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Rapid DNA, RNA Capture Technique Devised

DNA analysis graphic

(Gerd Altmann, Pixabay)

22 November 2017. Researchers in Australia developed a simple and inexpensive dipstick technique that captures and purifies specimen samples for genetic analysis in about 30 seconds. A team from University of Queensland in Brisbane describes the technique, which can be adapted to field use outside the lab, in yesterday’s issue of the journal PLoS Biology.

The Queensland team led by plant scientist Jimmy Botella and postdoctoral researcher Michael Mason is seeking faster, easier, and lower-cost methods for genetic testing. Many genetic tests in agriculture, the discipline in which most of the researchers work, are needed in the field, where extended lab analysis can delay their implementation. Likewise for health care, samples for genetic tests are taken in doctors’ offices and clinics that rarely have the equipment needed to prepare specimen samples for analysis.

Botella, Mason, and colleagues therefore investigated simple and inexpensive techniques with readily available materials for their solution. These methods need to reliably capture, isolate, extract, and purify DNA and RNA — nucleic acids carrying instructions from the genetic code in DNA to cells — from plant and animal samples. For capturing samples, the team tested a number of cellulose and nylon materials including household paper towels, and found a type of common filter paper used in labs to give the best and most consistent results.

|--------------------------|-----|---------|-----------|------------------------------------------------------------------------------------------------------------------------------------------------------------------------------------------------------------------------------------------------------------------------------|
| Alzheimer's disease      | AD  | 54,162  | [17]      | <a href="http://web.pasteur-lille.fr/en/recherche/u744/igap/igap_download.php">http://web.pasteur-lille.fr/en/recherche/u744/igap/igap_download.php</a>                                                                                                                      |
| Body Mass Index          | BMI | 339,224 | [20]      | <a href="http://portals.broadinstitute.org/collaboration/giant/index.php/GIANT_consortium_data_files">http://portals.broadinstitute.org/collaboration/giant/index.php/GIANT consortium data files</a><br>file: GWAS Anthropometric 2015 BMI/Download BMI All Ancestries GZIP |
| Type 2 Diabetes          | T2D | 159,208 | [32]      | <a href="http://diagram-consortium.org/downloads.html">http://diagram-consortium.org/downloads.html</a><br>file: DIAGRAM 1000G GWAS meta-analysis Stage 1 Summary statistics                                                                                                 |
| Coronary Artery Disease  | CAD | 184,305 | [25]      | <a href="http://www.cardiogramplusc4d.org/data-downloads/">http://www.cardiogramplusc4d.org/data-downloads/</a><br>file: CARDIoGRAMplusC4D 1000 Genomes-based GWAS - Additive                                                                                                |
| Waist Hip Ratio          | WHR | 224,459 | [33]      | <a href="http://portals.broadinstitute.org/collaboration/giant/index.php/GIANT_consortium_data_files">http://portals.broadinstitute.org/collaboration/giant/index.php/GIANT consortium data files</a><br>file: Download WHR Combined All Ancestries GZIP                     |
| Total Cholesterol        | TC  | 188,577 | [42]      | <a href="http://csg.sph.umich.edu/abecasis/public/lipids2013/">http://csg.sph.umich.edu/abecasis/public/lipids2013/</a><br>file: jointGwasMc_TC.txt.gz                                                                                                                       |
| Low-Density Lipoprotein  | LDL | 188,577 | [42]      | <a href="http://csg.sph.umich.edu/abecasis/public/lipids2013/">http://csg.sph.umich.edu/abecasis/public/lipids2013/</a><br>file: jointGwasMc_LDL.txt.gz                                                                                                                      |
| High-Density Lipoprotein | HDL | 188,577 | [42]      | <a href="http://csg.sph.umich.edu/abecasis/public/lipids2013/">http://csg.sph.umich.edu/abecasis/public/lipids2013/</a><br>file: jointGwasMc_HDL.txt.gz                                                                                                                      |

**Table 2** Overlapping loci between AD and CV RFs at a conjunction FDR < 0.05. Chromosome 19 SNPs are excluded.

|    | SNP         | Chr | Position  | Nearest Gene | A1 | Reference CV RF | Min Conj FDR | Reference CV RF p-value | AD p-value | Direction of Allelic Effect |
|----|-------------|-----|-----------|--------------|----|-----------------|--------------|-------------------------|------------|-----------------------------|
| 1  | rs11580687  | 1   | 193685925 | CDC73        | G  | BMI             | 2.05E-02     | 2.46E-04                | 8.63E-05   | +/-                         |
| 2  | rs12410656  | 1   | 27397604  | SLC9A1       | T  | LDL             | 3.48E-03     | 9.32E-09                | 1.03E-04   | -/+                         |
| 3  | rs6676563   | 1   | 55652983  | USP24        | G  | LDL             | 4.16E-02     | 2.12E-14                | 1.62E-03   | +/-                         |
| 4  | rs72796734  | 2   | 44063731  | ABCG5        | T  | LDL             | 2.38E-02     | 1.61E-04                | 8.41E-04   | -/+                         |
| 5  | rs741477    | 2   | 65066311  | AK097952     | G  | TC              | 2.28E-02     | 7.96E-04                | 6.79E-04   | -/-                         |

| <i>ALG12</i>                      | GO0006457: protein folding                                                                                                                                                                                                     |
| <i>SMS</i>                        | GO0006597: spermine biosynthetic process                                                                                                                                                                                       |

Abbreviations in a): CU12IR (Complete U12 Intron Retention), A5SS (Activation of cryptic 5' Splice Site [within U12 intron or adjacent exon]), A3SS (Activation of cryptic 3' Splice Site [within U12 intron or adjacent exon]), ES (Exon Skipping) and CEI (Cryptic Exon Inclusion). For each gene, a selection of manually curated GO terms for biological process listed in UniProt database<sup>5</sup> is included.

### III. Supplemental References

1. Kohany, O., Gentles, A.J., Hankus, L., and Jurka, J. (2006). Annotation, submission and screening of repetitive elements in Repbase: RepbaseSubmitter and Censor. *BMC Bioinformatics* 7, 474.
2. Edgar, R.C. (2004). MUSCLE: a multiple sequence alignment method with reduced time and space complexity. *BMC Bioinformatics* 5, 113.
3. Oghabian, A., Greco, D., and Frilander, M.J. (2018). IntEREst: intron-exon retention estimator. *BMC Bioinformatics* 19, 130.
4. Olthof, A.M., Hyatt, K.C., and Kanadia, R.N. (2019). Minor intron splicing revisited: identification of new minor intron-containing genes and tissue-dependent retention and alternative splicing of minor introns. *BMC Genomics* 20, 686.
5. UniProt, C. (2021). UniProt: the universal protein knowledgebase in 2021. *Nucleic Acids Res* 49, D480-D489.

While the filter paper provided the capture medium, the team also needs a method for reliably acquiring enough genetic material in the sample for analysis. The plant tissue or fluid sample is placed in a tube with reagents and ball bearings that help soften tissue samples. The team made a dipstick by fixing a small piece of filter paper, about 8 square millimeters, at the end of plastic handle to dip into the tube. The researchers found dipping the filter paper 3 times first into the tube with the sample and reagents, followed by similar 3-times dipping into a wash solution and then an amplification mix, resulted in DNA and RNA samples with sufficient purity for analysis.

The team tested this method with plant leaf tissue infected with fungal and bacterial pathogens, as well as infected animal tissue, and whole human blood, returning results in about 30 seconds. The researchers found their results were comparable to commercial sample preparation techniques using magnetic beads, which take more than 14 minutes. The authors note that commercial sample prep equipment requires upfront costs of $685.00 to $876.00, while their dipsticks can be produced for pennies.

“We have already successfully used dipsticks in remote plantations in Papua New Guinea to diagnose sick trees,” says Botella in a university statement, “and have applied it to livestock diseases, diseases in human samples, human pathogens in food, and in detecting environmental risks such as E. coli-contaminated water.” Botella adds, “By combining our dipsticks with other newly developed technologies by our group, the entire diagnostic process from sample collection to final result can be easily performed in a hospital, farm, hotel room, or even a tropical jungle.”

The university’s technology transfer office filed a patent for the technology, and is seeking commercial partners to take it to market.

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